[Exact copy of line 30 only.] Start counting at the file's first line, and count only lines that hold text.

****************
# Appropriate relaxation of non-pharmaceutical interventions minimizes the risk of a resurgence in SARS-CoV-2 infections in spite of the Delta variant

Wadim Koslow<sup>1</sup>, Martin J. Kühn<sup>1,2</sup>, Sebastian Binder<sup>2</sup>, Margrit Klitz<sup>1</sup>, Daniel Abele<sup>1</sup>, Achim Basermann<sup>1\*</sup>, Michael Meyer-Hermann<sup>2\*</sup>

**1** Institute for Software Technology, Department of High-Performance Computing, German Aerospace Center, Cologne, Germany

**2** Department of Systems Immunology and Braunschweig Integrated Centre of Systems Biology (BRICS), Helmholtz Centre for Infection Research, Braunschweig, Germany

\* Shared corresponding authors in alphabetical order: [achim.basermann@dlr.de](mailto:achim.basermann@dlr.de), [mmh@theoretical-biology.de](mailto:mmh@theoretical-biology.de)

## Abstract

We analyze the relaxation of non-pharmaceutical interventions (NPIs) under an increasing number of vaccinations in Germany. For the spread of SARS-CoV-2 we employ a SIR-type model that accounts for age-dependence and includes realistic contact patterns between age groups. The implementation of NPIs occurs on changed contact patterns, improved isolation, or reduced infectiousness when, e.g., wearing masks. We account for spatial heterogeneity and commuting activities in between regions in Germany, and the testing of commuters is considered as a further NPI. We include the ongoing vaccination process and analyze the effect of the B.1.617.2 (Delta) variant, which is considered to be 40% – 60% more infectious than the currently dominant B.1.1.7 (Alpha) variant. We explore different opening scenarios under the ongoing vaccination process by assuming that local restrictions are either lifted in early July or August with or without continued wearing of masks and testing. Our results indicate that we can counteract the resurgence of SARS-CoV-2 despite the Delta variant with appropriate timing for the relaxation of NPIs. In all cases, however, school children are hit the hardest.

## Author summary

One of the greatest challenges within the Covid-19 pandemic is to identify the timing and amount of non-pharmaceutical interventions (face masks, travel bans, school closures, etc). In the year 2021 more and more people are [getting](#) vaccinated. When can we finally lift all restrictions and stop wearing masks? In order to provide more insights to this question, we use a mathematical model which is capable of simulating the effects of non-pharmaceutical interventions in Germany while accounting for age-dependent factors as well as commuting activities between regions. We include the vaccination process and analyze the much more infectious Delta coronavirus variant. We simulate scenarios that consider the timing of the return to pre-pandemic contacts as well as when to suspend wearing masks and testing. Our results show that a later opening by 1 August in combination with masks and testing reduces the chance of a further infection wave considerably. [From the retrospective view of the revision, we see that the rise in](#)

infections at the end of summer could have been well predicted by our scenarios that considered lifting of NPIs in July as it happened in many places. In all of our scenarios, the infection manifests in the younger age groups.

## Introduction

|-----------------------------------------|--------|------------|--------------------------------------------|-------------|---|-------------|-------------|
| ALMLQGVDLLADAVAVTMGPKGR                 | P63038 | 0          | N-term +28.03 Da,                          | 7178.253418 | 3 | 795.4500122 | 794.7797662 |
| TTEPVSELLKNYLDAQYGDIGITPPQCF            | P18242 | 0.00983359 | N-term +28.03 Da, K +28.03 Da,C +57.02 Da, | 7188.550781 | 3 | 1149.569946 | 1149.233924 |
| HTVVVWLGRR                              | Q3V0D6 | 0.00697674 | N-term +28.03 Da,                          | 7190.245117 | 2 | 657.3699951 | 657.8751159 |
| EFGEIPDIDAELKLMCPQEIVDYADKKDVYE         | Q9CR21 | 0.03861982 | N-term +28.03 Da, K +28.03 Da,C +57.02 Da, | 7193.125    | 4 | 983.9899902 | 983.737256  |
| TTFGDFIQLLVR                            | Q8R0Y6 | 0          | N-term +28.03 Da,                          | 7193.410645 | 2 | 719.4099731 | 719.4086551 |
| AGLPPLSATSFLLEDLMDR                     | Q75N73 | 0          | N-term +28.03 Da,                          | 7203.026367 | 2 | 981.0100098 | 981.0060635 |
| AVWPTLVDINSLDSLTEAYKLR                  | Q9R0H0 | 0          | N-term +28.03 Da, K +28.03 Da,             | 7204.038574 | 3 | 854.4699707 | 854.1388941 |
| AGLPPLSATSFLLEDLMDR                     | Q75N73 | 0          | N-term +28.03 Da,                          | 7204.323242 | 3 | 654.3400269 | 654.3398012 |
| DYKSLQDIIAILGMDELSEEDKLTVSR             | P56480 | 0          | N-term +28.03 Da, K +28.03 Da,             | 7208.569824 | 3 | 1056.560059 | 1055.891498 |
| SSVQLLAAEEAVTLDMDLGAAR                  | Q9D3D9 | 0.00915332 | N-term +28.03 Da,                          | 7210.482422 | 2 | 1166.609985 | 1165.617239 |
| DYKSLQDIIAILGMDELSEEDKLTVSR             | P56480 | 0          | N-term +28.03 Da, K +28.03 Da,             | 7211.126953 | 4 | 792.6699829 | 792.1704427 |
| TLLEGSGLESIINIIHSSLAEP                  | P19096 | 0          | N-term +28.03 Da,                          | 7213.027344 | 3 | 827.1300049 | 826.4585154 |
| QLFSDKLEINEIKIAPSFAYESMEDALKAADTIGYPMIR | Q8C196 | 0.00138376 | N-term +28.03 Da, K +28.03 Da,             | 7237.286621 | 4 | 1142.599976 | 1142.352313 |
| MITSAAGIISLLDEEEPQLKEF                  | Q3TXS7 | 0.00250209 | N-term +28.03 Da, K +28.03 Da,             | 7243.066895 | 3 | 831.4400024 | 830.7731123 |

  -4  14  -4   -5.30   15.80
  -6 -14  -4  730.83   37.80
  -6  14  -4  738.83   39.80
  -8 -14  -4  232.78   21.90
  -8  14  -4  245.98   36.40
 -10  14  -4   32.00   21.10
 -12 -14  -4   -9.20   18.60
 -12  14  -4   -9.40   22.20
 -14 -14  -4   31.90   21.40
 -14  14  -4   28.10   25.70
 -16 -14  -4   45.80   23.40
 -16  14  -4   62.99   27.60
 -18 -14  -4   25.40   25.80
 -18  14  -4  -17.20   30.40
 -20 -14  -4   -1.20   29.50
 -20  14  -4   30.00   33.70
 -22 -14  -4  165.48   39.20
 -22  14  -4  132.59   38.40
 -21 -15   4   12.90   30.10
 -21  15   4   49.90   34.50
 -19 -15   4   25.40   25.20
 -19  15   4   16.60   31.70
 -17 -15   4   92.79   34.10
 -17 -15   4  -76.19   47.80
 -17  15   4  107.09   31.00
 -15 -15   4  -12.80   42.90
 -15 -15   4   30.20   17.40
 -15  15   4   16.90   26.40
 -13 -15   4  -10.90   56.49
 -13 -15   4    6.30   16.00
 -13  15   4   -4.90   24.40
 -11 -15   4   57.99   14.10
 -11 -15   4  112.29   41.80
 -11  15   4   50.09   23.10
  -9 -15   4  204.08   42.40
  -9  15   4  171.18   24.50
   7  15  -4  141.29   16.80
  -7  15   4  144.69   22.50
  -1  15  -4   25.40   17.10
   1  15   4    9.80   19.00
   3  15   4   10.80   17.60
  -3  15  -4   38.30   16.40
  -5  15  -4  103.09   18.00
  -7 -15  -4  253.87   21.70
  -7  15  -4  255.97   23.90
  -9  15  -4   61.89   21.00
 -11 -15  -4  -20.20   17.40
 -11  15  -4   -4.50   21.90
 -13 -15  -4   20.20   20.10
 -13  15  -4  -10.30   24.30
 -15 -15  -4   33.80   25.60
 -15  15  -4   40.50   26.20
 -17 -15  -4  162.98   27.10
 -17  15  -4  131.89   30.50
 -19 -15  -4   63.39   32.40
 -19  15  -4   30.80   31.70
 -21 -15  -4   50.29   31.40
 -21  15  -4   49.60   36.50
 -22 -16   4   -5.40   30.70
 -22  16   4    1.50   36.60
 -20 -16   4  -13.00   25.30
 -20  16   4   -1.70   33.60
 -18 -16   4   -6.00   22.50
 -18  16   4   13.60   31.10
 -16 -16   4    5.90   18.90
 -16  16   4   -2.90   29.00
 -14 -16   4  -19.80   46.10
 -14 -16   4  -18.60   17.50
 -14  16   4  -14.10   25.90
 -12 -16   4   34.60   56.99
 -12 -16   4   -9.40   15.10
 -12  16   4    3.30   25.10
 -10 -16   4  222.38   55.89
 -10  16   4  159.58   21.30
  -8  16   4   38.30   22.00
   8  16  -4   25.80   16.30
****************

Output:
  -8 -14  -4  232.78   21.90